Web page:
Intimate love — 29 October 2003
Playfulness can keep you together

When was the last time you went on a moonlight walk at the beach,
giggled together, or skipped along the railroad tracks? When did you
last create your own fun together rather being entertained?
You probably did so while you were dating, what happened since then? Most committed couples are so burdened by life’s stresses, that
playfulness gets relegated to a cherished memory. It does not need to be
that way.

We must learn from children. While they play they learn, create, use
their imagination and experience joy. That blissful practice prepares
them for life. In school, learning sessions are separated by playtime.
Being physical, interactive, and joyous improves the capacity to
concentrate at the next learning period. Children love to run, scream,
skip, and play games. Their natural buoyancy is exhilarating and
contagious. Teachers will tell you the value of playtime in channeling
energy, learning social skills, and clearing the mind for further learning.

Many adults seek tools for stress reduction. They are encouraged to
exercise, vacation, meditate, and practice relaxation, hobbies and fun
activities. All these are excellent and valuable tools for balancing
one’s stressful life. However, couple playful experiences are rarely

The joy experienced by most lovers at the early stages of their
relationship helps cement their union and is expected to wane and
disappear with time. Why? It is true that new priorities demand our
attention and it is also true that the intensity of emotion of the “in
love” state is hard to maintain. Yet, the playfulness, simple pleasures
and fun- can and should -be made an active part of each couple’s schedule.

David Daniels, M.D. a Stanford University professor of Psychiatry
maintains that a relationship is like a three-legged stool. One leg is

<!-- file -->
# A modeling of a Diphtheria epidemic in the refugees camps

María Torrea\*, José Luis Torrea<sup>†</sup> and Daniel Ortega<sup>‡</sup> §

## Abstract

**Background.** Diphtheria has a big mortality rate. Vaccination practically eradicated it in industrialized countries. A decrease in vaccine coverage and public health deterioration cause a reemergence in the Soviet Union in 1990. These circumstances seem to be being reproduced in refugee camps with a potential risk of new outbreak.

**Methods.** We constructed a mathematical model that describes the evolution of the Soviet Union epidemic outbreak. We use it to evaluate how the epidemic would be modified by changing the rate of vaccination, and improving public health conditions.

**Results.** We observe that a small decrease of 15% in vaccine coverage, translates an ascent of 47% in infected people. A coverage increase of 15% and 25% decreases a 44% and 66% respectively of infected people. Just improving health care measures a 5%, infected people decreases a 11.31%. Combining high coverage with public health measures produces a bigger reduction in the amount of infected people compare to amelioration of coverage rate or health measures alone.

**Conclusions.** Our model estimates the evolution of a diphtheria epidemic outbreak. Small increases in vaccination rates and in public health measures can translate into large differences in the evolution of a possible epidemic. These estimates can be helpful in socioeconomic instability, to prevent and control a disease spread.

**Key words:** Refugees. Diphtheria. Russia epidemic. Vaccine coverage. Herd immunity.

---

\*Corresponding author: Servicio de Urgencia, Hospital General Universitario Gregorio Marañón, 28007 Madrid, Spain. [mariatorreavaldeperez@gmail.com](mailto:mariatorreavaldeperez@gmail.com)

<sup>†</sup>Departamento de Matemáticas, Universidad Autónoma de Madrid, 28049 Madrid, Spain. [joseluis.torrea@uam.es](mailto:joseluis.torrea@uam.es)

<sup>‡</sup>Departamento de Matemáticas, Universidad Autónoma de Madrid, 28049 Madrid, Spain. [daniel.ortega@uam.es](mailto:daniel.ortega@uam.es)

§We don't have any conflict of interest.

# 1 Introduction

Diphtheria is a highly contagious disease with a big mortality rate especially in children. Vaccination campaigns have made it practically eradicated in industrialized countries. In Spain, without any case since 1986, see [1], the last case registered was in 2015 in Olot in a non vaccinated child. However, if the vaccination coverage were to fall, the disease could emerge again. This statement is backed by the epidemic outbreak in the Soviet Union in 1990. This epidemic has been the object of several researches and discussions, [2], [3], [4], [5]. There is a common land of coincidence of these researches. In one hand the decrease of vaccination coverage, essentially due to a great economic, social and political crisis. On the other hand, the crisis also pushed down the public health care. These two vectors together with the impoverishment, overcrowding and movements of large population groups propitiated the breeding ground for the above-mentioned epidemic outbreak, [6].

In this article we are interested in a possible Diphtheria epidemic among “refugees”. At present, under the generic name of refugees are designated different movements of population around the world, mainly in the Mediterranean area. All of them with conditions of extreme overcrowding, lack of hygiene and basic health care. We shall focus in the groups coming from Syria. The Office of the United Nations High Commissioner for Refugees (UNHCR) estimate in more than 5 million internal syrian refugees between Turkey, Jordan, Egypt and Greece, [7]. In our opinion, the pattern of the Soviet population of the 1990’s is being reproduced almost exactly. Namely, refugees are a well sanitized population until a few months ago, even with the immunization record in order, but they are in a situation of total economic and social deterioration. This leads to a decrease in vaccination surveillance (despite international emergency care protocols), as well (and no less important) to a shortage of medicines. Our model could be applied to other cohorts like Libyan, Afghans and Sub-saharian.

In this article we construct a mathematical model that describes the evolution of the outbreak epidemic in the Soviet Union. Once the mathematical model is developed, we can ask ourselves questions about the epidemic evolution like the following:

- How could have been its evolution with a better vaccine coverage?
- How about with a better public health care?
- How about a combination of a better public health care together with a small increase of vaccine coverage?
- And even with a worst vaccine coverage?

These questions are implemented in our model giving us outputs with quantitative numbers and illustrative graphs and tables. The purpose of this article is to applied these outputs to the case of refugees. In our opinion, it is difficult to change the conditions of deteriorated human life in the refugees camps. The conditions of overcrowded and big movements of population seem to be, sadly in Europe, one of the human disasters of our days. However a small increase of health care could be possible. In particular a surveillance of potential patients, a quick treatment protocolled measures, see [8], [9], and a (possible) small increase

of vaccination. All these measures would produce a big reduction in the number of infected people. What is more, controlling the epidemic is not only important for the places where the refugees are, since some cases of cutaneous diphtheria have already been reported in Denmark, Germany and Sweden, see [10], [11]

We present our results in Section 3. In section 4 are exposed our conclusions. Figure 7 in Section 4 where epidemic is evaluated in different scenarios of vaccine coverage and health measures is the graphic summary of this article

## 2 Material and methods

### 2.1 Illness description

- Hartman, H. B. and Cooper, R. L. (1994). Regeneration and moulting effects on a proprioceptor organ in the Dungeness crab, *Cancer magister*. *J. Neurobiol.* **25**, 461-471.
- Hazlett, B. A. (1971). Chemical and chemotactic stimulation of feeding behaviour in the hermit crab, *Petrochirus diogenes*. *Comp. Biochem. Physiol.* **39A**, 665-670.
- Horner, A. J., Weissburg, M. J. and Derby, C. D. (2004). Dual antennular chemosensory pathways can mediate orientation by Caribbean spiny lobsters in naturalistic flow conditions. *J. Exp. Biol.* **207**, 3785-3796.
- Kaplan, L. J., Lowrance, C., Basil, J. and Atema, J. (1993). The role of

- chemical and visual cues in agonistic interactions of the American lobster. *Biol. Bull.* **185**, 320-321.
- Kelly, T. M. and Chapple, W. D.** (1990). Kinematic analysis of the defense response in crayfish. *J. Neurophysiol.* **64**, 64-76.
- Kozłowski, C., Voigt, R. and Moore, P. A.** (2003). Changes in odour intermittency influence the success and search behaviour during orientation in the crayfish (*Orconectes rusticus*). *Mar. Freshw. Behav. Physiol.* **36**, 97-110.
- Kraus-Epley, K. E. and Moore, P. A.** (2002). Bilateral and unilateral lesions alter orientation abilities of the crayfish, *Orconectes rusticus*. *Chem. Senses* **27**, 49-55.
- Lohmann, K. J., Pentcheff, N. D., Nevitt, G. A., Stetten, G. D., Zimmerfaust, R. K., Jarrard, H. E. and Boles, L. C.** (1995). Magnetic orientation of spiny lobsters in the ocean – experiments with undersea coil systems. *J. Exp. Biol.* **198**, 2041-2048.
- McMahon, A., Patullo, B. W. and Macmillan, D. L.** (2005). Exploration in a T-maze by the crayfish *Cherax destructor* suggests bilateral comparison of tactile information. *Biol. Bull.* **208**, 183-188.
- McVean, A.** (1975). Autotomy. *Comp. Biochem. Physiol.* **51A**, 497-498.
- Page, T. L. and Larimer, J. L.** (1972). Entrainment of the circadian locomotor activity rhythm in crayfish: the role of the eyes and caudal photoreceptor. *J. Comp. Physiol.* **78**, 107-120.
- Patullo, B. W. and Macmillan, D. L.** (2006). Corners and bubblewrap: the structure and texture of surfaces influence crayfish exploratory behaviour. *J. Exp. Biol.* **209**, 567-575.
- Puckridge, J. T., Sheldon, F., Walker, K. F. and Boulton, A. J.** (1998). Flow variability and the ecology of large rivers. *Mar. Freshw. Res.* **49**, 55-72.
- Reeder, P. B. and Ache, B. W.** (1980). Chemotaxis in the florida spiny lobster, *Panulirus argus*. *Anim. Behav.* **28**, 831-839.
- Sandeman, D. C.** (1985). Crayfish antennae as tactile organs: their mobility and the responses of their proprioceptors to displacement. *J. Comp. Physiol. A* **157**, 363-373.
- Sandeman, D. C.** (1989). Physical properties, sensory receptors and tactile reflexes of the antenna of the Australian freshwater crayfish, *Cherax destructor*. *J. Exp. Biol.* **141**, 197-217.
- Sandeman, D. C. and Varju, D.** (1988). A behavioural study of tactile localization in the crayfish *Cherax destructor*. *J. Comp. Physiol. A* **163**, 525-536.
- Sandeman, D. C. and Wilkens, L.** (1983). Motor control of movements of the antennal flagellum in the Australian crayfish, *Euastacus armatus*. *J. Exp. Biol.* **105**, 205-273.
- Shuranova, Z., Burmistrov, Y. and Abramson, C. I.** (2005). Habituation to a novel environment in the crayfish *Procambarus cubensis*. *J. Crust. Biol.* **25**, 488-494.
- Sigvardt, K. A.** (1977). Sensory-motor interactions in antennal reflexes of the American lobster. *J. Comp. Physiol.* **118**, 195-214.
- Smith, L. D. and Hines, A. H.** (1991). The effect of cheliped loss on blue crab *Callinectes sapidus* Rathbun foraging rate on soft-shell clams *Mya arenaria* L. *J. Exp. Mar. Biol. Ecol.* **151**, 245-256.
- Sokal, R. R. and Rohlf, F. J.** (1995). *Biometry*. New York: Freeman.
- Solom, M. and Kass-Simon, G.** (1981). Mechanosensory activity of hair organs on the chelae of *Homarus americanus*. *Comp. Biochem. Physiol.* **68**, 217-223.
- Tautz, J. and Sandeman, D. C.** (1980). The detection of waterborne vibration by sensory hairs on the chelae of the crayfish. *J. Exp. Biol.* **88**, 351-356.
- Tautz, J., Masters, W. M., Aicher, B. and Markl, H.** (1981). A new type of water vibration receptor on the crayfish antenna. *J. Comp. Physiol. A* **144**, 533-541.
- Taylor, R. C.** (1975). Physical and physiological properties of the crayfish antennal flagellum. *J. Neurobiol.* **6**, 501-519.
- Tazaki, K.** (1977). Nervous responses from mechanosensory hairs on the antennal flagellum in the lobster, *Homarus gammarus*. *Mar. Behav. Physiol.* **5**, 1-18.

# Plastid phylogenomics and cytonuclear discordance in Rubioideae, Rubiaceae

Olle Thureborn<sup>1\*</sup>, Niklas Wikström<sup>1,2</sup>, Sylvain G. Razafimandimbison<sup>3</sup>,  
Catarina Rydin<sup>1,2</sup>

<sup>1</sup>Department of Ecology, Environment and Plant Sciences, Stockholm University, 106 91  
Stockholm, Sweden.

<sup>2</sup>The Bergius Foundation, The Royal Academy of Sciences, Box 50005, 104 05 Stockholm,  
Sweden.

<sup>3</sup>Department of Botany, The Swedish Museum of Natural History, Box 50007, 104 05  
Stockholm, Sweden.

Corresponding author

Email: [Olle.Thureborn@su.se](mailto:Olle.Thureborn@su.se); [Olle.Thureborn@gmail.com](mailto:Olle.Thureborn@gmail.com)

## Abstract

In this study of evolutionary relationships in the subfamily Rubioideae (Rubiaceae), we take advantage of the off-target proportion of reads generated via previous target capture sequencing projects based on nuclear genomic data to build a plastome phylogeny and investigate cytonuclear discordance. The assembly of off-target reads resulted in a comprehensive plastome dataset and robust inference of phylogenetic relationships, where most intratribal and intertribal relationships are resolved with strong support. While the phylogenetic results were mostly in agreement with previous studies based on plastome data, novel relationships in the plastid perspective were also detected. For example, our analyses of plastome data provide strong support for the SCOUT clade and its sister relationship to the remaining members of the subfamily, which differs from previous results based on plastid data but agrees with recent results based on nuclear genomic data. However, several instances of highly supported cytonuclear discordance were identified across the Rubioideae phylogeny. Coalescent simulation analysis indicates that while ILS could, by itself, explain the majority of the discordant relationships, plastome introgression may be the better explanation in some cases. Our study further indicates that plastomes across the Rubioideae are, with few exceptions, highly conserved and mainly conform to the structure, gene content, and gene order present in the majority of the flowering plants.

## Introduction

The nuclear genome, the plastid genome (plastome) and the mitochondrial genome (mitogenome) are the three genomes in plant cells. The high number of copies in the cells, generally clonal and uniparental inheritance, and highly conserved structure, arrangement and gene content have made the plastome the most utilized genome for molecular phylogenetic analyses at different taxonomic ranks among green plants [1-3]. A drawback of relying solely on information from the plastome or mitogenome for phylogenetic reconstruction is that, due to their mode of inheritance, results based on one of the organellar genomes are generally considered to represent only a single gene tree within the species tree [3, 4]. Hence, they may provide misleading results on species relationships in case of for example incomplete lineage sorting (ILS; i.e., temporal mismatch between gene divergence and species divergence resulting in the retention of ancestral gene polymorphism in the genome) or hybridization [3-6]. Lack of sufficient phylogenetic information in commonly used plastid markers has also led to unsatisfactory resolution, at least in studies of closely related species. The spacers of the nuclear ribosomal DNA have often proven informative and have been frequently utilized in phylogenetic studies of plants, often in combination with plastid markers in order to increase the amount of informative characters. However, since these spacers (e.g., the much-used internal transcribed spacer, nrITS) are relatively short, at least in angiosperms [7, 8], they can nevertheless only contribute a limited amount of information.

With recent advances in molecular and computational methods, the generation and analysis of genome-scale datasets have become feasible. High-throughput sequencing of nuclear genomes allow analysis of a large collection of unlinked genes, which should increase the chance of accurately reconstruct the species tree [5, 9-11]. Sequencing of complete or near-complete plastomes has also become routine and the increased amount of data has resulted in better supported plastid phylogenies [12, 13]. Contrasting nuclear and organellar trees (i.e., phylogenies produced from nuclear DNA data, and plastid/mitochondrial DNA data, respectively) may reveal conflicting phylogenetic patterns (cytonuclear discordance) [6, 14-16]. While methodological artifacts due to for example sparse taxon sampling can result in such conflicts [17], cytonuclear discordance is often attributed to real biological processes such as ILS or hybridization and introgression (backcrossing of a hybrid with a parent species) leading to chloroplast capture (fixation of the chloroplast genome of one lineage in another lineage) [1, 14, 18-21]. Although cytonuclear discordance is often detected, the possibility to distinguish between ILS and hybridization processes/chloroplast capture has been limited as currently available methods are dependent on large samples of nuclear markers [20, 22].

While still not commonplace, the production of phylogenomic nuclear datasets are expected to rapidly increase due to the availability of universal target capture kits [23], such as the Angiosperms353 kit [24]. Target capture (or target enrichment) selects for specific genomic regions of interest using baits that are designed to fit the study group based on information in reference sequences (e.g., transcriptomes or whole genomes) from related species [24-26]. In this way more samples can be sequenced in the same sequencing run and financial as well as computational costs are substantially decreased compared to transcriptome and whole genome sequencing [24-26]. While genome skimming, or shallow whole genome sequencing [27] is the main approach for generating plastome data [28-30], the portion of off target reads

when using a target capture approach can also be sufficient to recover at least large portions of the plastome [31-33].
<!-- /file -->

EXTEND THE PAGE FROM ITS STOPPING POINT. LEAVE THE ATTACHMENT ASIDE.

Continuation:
the couple’s history, the second is their sexuality and the third is
their mutual interests and activities. When any of the legs is shorter
than the others, the stool is wobbly. If we use this model, joyful
experiences shared by partners strengthen both their history and mutual
interests, and perhaps even their sexuality.

The value of playfulness is unquestionable. When people are playful
together, they access the lovable, free, childlike part of themselves
that is devoid of many adult constraints. Allowing natural joy to be
expressed brings couples to a deeper level of intimacy. Couples who play
together exhibit a glow of nonverbal connection that is almost magical.

“But we are too busy to have time to play”, “what do you mean by play,
adults don’t play?” “We passed the stage of playing, this is too silly”,
are comments by some couples who are so strained by life that they
closed themselves off to their lighter side. These people see adulthood
as a joyless, overwhelming, taxing state of self- denial. They are so
driven by the tasks at hand, that they can not appreciate play as a
rejuvenating force. They may end up bitter and resentful- the victims of
their lives_ demands.

You know how to play since you were once a child and then “in love”. The
capacity for joyous, silly, funny and even laughable behavior _ must be
re-awakened, cherished and practiced.

Here are some ways to access your joyous playful side.

® Recall the activities that made you feel carefree and happy as a
child. Adjust it to co-ed play.
® Observe children at play. Notice their uninhibited merriment.
® Ask yourself “how can I feel the exhilaration of childlike play-today?”
® Recall the shared small pleasures during courtship that meant so much
® List the activities that helped you both forget everything else while
sharing a pleasurable time together.
® What made you laugh, what was your secret language and unique playful
® Re-introduce small playful behaviors and language into your daily life. ® Set up time to be alone and repeat or create new ways to be playful

The energy you invest in re-creating playfulness in your relationship
will reward you in joy, relaxation, intimacy and bliss together.

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About Author

Offra Gerstein, Ph.D. is a licensed psychologist in clinical practice in Santa Cruz, California for over 25 years, and specializes in relationship issues for couples and individuals for improved quality of life. Her work includes: mate selection, marriage, long term relationships, gay and lesbian couples, work relationships, parenting issues, family interactions, friendships, and conflict resolutions. Offra has lectured extensively to various groups, conducted support groups for several organizations, and has been writing a weekly column "Relationship Matters" for the Santa Cruz Sentinel since 2001.

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